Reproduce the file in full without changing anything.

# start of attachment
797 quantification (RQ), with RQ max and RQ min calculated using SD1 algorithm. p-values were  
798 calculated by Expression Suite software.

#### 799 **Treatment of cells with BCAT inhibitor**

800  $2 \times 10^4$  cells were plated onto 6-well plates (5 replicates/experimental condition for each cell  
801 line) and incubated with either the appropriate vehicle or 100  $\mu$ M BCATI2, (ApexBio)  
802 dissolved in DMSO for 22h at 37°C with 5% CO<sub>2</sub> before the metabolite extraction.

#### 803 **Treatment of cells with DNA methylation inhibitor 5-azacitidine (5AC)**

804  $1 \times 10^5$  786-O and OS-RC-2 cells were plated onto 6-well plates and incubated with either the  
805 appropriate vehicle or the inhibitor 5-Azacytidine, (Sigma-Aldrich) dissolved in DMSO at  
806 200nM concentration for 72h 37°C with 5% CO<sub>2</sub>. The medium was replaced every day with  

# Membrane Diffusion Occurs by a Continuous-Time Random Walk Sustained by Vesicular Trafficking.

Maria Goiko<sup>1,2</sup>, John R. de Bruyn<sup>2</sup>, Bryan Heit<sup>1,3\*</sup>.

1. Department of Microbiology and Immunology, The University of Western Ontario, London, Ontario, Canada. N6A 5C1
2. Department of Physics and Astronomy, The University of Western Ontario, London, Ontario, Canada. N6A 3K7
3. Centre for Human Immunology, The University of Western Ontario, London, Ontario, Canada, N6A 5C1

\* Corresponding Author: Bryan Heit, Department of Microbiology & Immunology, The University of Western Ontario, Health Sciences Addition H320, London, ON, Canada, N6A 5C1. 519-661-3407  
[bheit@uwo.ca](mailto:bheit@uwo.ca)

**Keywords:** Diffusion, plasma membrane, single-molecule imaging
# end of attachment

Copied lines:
797 quantification (RQ), with RQ max and RQ min calculated using SD1 algorithm. p-values were  
798 calculated by Expression Suite software.

#### 799 **Treatment of cells with BCAT inhibitor**

800  $2 \times 10^4$  cells were plated onto 6-well plates (5 replicates/experimental condition for each cell  
801 line) and incubated with either the appropriate vehicle or 100  $\mu$ M BCATI2, (ApexBio)  
802 dissolved in DMSO for 22h at 37°C with 5% CO<sub>2</sub> before the metabolite extraction.

#### 803 **Treatment of cells with DNA methylation inhibitor 5-azacitidine (5AC)**

804  $1 \times 10^5$  786-O and OS-RC-2 cells were plated onto 6-well plates and incubated with either the  
805 appropriate vehicle or the inhibitor 5-Azacytidine, (Sigma-Aldrich) dissolved in DMSO at  
806 200nM concentration for 72h 37°C with 5% CO<sub>2</sub>. The medium was replaced every day with  

# Membrane Diffusion Occurs by a Continuous-Time Random Walk Sustained by Vesicular Trafficking.

Maria Goiko<sup>1,2</sup>, John R. de Bruyn<sup>2</sup>, Bryan Heit<sup>1,3\*</sup>.

1. Department of Microbiology and Immunology, The University of Western Ontario, London, Ontario, Canada. N6A 5C1
2. Department of Physics and Astronomy, The University of Western Ontario, London, Ontario, Canada. N6A 3K7
3. Centre for Human Immunology, The University of Western Ontario, London, Ontario, Canada, N6A 5C1

\* Corresponding Author: Bryan Heit, Department of Microbiology & Immunology, The University of Western Ontario, Health Sciences Addition H320, London, ON, Canada, N6A 5C1. 519-661-3407  
[bheit@uwo.ca](mailto:bheit@uwo.ca)

**Keywords:** Diffusion, plasma membrane, single-molecule imaging